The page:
On a general context, the series of Narcos exhibits how a powerful individual in society has complexly managed to operate a criminally inclined business, and escape multiple attempts by the authorities to capture him. In order to establish a firm ground in this game against the government, this individual succeeds in building his power and control through the instillment of fear in society in the form of killings and abductions. This “creative” approach allows him to gain leverage in this game of power against the government, provided that the latter is placed in a difficult position, succumbing to the former’s demands. In the government’s strong pursuit of bringing this individual under control, they are left with no other option but to accept the offer of imprisoning the latter in his own private “prison”, guarded by his personal security. Hence, allowing him to live in paradise, and to continue his business. This is the story of notorious drug cartel controller, Pablo Escobar.
The story that is portrayed in this television series provides its viewers with a great stint of understanding the institutional and individual concepts in violence. Recalling from previous discussions, the institutional explanation to violence highlights how the state, and its economic and social systems, all contribute into the phenomenon’s existence. As one may extract from the series itself, the resulting acts of politically motivated violence is a result of the altercation between an infamous drug cartel business, and the state authorities. Clearly, it is the mandated functions of specific state institutions to apprehend any illegal businesses, particularly those of related to drugs. On the other hand, people, like Escobar, are inherently part of society’s structure. Hence, revealing how the institution’s overall structure and organization creates violence opportunities between member’s of society and state authorities.
Furthermore, a strong contributing factor to the political violence exerted by the infamous drug cartel’s owner is his personal desire to continue his money making business. The individual concept of violence explains it through the understanding of the motivational factors of an individual, pushing him/her to engage in political violence. As shown in the famous series, Escobar’s individual desires are of great contribution, as to how all of the acts of terror were perpetuated. He was highly concerned about his business flourishing, and how he can establish control by going against the Colombian government. Hence, resulting to terror in form of murders and abductions. In other words, his course of action to engage in political violence was motivated by rational factors; continue his business, and escape the potential circumstance of being jailed by the state in their own prison cell.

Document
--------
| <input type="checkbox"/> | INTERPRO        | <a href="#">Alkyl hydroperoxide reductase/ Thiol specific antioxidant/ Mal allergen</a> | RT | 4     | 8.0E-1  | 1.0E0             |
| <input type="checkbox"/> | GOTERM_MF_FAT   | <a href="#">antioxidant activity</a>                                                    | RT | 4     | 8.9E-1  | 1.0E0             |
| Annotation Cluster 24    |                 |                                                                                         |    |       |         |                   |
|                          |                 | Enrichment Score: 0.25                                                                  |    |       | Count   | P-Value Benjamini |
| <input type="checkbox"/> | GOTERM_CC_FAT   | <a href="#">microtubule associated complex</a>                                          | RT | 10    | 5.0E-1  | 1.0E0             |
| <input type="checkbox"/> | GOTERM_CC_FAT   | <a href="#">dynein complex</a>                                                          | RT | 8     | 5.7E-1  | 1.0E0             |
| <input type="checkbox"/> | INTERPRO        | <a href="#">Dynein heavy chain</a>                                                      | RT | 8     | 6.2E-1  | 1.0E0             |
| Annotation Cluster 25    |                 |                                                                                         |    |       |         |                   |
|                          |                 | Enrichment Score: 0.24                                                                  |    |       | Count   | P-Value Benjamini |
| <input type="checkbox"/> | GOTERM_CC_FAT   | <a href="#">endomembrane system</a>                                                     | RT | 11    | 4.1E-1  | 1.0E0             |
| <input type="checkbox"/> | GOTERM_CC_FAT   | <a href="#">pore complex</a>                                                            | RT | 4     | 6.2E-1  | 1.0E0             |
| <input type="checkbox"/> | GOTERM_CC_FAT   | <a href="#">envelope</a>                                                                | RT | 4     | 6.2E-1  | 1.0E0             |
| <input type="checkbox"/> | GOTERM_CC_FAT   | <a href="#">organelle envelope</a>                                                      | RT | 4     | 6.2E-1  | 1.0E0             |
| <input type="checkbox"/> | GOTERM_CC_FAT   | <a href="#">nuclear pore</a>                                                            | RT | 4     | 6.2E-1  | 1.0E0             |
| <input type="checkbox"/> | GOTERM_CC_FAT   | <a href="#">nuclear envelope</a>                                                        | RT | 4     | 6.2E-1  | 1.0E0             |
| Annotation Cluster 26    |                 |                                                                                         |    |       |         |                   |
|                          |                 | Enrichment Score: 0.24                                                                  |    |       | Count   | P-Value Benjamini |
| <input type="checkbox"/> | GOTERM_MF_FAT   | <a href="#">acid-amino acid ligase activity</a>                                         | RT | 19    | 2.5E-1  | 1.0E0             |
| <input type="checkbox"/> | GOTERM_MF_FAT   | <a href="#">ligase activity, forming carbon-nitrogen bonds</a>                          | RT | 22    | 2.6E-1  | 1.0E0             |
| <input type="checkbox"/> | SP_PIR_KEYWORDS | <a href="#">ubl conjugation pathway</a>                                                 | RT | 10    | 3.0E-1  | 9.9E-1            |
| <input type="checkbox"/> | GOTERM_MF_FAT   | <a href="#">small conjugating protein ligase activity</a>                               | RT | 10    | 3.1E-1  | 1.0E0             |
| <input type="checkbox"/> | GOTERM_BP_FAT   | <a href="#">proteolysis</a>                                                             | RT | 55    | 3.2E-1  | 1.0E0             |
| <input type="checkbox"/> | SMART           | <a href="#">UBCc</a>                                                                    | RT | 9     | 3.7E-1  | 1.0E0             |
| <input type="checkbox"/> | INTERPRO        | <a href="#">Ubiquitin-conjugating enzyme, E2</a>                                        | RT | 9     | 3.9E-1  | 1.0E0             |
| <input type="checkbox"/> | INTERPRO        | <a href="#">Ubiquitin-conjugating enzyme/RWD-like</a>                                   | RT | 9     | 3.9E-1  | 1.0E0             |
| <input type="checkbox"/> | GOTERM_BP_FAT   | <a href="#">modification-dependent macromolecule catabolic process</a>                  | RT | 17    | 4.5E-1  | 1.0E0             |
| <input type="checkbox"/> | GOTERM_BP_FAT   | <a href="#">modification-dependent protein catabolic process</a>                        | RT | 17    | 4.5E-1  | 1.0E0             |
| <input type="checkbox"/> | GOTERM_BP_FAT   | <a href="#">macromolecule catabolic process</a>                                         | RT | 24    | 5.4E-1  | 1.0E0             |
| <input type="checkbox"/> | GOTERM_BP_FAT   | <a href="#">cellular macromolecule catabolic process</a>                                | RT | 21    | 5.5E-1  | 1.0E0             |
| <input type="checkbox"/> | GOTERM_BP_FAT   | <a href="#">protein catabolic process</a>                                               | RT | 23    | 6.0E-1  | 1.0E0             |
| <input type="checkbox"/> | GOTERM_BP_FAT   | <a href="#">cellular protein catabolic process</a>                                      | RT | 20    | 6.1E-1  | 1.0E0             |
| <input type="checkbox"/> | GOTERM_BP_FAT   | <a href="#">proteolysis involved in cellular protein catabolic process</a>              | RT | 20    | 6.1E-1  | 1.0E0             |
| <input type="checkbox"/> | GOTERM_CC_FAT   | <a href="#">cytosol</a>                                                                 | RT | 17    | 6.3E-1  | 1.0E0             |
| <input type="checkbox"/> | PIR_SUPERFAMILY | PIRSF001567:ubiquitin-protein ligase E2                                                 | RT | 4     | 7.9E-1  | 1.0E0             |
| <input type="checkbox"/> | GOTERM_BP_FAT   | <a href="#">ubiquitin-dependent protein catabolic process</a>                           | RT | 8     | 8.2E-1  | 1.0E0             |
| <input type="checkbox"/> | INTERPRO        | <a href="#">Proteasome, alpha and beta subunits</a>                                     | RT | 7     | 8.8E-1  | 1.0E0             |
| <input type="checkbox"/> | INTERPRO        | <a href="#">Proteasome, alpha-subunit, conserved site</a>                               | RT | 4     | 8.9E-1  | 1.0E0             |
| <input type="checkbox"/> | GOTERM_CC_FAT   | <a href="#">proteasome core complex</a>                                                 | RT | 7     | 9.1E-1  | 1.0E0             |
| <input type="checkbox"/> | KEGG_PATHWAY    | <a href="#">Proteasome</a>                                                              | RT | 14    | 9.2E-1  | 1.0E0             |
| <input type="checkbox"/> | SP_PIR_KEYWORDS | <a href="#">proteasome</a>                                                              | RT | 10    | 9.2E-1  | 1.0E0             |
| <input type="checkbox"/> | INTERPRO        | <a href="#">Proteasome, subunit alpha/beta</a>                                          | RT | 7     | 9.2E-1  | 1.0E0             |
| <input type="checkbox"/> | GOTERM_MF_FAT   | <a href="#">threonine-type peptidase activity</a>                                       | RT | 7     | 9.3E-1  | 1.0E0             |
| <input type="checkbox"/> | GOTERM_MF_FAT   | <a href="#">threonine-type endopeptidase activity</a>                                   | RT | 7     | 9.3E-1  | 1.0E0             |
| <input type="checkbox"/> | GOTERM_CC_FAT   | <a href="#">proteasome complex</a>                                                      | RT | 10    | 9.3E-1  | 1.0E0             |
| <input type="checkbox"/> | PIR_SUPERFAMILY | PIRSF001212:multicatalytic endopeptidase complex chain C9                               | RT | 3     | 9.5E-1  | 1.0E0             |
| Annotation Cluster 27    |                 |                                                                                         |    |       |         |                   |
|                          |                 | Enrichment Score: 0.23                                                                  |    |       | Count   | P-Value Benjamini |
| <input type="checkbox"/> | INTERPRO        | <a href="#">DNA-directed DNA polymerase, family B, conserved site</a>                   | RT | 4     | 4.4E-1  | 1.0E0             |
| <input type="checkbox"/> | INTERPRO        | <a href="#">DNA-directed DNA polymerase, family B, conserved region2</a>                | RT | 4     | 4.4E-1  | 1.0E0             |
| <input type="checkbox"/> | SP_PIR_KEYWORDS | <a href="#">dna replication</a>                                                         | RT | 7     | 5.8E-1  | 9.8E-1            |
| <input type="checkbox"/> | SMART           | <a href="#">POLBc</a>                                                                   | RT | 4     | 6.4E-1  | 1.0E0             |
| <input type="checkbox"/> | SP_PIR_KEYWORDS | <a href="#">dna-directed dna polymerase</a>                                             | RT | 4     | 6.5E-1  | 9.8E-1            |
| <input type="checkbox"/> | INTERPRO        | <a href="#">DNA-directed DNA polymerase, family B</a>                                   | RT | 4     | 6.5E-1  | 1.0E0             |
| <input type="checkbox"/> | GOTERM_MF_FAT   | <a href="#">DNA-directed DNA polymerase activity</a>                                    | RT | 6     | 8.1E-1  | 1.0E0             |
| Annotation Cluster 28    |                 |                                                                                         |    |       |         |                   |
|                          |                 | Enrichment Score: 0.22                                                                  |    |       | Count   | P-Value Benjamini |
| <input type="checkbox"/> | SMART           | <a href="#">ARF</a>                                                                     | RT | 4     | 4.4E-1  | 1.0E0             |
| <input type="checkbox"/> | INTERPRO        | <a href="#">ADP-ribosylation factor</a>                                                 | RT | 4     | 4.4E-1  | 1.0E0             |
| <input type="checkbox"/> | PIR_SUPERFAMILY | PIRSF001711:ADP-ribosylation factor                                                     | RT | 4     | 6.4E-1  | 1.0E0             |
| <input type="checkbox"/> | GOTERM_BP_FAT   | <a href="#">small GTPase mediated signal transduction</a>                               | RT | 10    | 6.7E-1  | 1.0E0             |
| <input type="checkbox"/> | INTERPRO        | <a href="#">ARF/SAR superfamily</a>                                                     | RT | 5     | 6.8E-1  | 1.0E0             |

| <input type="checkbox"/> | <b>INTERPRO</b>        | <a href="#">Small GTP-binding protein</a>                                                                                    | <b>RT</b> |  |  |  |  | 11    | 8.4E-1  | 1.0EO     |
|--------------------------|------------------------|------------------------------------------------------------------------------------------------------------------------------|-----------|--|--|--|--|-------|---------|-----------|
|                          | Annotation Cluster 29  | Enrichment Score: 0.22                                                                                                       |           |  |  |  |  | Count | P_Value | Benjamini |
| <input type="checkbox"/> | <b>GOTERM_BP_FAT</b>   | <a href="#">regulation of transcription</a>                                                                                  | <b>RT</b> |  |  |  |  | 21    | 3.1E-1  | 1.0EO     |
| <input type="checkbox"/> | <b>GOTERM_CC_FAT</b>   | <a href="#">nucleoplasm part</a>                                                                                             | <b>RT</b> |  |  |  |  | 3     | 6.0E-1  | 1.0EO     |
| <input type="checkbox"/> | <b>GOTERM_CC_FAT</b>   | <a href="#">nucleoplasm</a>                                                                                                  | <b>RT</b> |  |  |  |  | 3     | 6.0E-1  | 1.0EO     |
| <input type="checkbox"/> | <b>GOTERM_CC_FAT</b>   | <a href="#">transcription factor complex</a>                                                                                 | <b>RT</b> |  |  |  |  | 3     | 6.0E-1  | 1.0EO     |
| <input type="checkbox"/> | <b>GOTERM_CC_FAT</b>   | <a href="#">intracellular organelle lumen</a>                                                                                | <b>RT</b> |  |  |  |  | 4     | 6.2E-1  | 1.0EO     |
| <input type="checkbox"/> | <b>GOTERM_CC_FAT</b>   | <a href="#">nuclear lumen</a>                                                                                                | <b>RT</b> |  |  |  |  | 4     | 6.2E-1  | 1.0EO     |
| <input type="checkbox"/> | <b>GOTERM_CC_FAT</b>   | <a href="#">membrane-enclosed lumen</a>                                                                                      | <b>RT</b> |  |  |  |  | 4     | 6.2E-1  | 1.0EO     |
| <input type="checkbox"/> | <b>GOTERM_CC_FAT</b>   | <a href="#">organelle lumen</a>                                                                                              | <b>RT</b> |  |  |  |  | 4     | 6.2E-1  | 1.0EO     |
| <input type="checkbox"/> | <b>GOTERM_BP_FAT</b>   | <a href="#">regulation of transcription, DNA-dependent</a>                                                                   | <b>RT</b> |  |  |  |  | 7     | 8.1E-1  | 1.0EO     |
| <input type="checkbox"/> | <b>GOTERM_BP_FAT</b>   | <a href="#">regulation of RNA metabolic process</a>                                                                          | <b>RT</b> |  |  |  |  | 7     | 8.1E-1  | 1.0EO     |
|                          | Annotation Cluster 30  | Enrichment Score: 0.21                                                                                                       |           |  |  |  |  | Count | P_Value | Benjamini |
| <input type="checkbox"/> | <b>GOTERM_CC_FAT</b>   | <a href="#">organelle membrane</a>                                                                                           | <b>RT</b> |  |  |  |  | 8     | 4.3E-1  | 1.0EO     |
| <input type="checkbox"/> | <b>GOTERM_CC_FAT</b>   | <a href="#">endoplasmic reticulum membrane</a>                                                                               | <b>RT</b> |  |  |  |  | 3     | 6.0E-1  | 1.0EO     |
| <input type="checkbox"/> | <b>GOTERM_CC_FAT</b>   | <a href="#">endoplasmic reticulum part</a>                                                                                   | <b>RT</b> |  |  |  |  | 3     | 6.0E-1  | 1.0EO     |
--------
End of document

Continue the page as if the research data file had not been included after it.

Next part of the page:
Overall, the portrayal of Escobar’s chronicles in the plot of Narcos significantly reveals the presence of the Psychosocial Theory on Terrorism. In this theory, basically, terrorism is not seen as a “syndrome”, but rather, it is considered as a mechanism to politically and socially influence; trigger change. More so, it also highlights how terrorists are a result of social interaction. With these ideas at hand, the psychosocial theory, somewhat, dictates or illustrates the very elements that contribute to the story of Narcos. As one can observe, Escobar’s actions and pursuits of different forms of terror are all grounded on the motive of clearly sending a message to the government (influence the state) of his power. In fact, the resulting acts of terrorism shown in the series are a direct result of the social interaction between an infamous drug cartel owner with the state. In turn, the psychosocial theory illuminates the details of Escobar’s selected courses of action as a high profile drug dealer, and how it manifests multiple forms of terrorism, inspired by the motive to politically and socially engineer change.